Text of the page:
I was saddened to hear of the death of Chuck Berry, even though the man was ninety years old and had not only reached the pinnacle of his craft, but hovered a height above the pinnacle. Roy, a rock-and/or-roller himself, has a post about Chuck which lays out the man's importance rather well. Was there anybody who quite defined an entire genre of music as Chuck Berry defined rock-and-roll, the outgrowth of rhythm and blues music that he helped to birth? I can't even think of anyone who played lead guitar in popular music before Chuck Berry blazed that particular path.
I believe it was Greil Marcus who wrote the the opening of Johnny B. Goode was the greatest opening of any popular song, and a riff for the ages:
As far as openings go, it's right up there with Bach's Toccata and Fugue in D Minor... I think the guy who wrote Roll Over Beethoven would be sympatico with Bach's virtuosity.
Besides being a fantastic songwriter and a blistering guitarist, Chuck Berry was also a humorist, as his tale of romance frustrated by a seatbelt attests:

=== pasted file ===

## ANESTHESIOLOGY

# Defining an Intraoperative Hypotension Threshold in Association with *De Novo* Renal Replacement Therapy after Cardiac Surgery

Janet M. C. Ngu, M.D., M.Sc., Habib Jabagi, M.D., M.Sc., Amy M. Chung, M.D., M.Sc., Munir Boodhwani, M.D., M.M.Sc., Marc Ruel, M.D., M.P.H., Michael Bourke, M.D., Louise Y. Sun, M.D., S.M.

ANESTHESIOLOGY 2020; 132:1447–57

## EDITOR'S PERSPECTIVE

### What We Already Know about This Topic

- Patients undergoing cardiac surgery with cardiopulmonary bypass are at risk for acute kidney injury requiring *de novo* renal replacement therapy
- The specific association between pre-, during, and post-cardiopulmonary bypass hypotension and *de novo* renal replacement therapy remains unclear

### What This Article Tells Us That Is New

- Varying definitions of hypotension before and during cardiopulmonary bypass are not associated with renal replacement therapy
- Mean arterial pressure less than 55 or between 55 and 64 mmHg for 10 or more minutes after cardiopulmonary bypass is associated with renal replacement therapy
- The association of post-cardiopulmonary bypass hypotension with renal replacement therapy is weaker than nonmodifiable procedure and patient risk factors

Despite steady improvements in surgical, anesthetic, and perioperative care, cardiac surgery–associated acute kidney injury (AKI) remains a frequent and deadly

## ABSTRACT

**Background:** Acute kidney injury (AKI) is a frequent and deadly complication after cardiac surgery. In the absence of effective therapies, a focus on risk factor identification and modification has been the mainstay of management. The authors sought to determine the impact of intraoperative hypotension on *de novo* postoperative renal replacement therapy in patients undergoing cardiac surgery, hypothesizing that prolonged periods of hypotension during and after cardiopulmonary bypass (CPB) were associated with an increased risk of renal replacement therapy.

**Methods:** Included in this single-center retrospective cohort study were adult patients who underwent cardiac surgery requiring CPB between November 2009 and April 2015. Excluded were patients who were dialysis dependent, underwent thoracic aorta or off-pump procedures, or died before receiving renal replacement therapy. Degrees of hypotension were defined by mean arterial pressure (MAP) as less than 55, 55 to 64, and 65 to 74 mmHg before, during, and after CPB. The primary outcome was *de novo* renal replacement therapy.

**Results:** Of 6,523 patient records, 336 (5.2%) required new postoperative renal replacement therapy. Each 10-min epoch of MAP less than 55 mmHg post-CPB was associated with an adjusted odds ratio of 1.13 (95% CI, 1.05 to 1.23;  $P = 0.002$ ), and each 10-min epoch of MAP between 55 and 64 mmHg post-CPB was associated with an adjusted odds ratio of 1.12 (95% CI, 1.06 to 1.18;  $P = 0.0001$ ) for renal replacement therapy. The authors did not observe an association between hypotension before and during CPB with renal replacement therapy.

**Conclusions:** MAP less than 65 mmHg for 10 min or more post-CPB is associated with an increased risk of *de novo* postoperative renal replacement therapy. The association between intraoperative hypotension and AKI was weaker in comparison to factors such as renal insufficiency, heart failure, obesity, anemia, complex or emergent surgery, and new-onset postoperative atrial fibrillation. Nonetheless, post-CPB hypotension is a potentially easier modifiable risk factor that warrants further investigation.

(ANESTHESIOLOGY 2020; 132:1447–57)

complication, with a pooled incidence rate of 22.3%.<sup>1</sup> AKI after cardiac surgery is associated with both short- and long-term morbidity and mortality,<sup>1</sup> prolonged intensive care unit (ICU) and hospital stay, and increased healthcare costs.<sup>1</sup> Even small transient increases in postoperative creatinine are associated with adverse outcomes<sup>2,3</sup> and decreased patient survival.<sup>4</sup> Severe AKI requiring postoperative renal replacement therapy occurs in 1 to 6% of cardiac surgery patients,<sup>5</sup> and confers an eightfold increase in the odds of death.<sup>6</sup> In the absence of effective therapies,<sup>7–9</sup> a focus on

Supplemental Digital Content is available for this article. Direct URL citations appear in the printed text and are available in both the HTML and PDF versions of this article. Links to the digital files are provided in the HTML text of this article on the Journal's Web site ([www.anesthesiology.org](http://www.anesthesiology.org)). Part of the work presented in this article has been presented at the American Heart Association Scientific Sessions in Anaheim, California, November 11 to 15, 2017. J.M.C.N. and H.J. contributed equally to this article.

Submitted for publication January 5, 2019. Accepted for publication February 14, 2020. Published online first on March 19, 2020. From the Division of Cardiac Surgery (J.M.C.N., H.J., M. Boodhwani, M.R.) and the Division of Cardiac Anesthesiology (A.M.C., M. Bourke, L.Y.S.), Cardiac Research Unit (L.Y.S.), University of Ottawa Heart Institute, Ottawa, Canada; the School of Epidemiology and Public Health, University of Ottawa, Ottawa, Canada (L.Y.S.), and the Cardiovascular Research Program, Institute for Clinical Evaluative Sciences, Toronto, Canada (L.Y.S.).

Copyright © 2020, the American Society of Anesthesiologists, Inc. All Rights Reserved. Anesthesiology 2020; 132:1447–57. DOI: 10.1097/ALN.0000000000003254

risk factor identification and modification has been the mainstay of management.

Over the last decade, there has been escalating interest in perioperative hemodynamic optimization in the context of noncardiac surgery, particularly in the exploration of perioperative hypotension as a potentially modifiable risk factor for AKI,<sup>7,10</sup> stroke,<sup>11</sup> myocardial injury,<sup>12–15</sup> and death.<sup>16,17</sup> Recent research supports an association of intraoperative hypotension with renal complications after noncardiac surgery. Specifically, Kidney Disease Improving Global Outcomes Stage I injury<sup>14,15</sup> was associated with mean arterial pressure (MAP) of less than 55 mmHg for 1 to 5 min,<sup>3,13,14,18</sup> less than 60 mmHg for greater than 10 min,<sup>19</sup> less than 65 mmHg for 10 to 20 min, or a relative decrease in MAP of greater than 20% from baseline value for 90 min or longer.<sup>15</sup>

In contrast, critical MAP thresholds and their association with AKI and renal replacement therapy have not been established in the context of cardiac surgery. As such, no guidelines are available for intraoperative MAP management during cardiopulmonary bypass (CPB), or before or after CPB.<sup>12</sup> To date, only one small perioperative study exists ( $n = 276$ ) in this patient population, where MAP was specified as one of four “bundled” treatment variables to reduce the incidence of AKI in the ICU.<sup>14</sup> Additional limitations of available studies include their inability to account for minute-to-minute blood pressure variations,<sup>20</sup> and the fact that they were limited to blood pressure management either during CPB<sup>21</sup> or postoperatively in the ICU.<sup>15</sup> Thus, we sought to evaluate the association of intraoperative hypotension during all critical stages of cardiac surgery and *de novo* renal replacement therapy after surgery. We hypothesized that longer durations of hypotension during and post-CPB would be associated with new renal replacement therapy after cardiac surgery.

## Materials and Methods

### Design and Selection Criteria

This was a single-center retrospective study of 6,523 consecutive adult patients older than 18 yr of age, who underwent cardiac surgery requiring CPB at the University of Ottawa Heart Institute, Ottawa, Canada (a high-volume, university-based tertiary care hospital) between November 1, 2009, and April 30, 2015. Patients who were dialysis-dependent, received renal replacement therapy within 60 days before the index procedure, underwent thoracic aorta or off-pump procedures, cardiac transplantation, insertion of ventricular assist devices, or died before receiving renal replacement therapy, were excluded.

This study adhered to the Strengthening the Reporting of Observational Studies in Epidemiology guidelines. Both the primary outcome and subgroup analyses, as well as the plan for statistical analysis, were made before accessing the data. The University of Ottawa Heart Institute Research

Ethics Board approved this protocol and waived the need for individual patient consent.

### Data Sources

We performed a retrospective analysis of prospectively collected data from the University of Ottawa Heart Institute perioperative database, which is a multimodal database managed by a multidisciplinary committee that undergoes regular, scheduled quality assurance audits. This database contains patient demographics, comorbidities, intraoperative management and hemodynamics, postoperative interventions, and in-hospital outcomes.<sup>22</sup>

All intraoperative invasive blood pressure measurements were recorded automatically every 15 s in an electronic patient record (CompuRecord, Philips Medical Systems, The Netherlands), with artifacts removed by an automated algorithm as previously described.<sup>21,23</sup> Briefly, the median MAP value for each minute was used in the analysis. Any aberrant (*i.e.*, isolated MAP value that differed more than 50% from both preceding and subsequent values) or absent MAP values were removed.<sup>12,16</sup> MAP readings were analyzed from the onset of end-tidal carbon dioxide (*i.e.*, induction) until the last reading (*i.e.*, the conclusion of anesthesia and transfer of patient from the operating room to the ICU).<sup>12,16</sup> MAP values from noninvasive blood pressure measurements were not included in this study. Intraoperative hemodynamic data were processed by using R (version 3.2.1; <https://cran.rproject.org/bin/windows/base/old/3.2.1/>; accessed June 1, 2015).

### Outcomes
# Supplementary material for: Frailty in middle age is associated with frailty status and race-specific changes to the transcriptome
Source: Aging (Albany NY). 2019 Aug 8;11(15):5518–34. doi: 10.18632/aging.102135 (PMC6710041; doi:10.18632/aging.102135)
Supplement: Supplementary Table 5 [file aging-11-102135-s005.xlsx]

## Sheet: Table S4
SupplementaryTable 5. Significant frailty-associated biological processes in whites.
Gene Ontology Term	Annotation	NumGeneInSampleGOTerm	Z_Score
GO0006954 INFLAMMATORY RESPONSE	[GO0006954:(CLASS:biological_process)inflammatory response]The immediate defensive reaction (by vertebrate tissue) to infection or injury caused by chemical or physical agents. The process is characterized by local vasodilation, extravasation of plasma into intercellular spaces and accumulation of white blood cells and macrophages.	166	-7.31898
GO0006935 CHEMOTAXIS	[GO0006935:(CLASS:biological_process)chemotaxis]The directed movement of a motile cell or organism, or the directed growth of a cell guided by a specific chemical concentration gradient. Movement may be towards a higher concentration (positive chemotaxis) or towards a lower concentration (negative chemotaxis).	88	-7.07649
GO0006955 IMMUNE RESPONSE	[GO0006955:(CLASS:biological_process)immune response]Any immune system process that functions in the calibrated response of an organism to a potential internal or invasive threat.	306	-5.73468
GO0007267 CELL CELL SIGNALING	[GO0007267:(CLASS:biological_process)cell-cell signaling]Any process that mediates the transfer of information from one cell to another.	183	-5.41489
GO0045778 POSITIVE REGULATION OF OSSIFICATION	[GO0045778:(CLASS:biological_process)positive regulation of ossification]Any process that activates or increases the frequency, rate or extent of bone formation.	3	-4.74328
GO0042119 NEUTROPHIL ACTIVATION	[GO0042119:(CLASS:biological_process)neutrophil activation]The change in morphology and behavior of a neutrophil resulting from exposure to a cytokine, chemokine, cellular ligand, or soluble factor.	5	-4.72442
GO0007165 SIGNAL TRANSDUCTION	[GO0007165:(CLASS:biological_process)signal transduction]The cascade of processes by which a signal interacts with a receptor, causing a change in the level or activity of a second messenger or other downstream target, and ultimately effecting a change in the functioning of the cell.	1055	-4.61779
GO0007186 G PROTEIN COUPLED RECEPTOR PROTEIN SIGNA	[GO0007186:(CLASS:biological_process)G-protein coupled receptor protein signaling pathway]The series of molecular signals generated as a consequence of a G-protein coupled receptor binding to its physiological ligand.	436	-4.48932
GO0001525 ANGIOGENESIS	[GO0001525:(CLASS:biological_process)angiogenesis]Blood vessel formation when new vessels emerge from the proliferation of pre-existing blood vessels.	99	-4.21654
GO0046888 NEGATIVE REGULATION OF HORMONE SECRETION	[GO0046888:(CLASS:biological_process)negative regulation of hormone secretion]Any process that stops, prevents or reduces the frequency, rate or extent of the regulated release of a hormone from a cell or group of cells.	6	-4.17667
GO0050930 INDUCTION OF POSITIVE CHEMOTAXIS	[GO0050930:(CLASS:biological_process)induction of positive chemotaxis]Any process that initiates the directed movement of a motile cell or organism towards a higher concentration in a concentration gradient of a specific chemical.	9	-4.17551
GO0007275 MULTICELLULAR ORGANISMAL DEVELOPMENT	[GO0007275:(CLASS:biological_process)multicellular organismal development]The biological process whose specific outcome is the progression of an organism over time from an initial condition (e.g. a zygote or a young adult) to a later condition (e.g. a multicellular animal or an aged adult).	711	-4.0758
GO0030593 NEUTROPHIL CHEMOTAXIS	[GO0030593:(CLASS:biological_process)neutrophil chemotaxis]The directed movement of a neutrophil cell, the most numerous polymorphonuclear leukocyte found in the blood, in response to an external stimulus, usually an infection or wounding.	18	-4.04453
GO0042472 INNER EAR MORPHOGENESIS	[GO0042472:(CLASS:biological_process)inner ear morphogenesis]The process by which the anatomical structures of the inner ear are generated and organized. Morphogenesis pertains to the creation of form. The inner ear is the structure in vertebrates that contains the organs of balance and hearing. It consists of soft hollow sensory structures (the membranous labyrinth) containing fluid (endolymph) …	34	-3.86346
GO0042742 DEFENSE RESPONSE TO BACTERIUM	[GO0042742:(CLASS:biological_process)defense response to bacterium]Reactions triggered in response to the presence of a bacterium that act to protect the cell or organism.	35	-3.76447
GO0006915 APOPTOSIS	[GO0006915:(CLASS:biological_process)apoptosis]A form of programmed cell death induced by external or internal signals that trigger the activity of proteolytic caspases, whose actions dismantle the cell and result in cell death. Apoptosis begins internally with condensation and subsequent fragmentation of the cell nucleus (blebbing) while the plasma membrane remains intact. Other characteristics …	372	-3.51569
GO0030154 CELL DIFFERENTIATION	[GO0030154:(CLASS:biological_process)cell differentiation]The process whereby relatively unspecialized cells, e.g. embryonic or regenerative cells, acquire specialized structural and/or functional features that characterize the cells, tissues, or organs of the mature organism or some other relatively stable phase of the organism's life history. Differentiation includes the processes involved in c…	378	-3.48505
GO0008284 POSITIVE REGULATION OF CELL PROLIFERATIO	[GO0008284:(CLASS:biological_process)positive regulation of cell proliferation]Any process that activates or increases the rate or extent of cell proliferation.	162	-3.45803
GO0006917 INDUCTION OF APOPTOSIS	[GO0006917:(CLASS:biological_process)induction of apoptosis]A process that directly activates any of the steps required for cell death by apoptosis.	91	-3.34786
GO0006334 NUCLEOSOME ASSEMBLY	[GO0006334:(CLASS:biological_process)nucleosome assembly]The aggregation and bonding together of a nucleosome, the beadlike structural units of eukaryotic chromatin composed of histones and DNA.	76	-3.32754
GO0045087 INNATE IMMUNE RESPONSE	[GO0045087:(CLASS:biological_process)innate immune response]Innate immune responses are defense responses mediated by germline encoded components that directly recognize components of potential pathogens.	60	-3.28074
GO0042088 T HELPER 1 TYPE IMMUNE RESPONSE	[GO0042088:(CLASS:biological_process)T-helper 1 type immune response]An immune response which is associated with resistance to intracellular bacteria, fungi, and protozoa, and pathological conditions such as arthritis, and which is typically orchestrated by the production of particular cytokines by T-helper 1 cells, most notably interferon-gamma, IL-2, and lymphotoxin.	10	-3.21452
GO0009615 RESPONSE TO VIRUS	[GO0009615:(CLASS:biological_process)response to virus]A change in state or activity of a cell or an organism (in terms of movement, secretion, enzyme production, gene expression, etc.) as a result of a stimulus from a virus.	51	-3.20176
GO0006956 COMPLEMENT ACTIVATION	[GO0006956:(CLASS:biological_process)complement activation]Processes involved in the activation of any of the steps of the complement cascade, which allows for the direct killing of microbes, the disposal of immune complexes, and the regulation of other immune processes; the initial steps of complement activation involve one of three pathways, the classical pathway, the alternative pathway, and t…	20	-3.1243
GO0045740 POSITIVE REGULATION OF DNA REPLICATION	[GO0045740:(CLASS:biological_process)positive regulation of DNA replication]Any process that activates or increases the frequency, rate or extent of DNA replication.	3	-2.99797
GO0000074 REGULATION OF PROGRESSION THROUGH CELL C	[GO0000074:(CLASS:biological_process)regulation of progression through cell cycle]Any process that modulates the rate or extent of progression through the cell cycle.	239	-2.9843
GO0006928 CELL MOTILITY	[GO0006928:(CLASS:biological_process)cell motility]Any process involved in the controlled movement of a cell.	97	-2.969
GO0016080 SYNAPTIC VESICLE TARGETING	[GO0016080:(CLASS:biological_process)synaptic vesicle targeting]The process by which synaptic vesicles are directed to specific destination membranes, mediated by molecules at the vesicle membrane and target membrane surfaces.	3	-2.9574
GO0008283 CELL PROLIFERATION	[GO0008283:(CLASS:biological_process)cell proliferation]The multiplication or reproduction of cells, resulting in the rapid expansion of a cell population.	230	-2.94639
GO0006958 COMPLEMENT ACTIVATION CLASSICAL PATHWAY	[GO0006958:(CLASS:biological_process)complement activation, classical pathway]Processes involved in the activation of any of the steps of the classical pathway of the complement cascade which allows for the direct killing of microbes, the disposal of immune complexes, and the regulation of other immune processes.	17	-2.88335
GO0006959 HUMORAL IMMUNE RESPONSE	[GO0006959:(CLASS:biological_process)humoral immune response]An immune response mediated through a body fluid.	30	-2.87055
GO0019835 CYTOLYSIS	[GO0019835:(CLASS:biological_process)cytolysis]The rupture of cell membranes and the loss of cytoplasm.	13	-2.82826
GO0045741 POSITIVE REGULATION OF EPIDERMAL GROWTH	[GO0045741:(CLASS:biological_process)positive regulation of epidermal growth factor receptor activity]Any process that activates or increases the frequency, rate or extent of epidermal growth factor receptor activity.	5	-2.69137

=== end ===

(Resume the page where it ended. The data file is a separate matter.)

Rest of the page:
My particular favorite by Mr Berry is Memphis Tennessee, which is an emotional number with a surprise ending:
Chuck's was a towering talent, and the man himself managed to navigate the perils and pitfalls of being a black man in the segregated United States- reading between the lines of Back in the U.S.A., one can divine the legacy of Jim Crow in the lyrics (despite his fame, Chuck would have needed the Green Book while touring).
Mom introduced us to Chuck Berry's music while we were kids... she raised us right. I spoke to her on the phone today, and she was bummed about his passing- she had seen him in concert at Brooklyn's Paramount Theater while still a teenager. There's a timeless quality to Chuck Berry's music, the sort of quality that led to a multigenerational fandom, and with his passing, a multigenerational bummer. He had a long life, and a storied career, but he will be missed.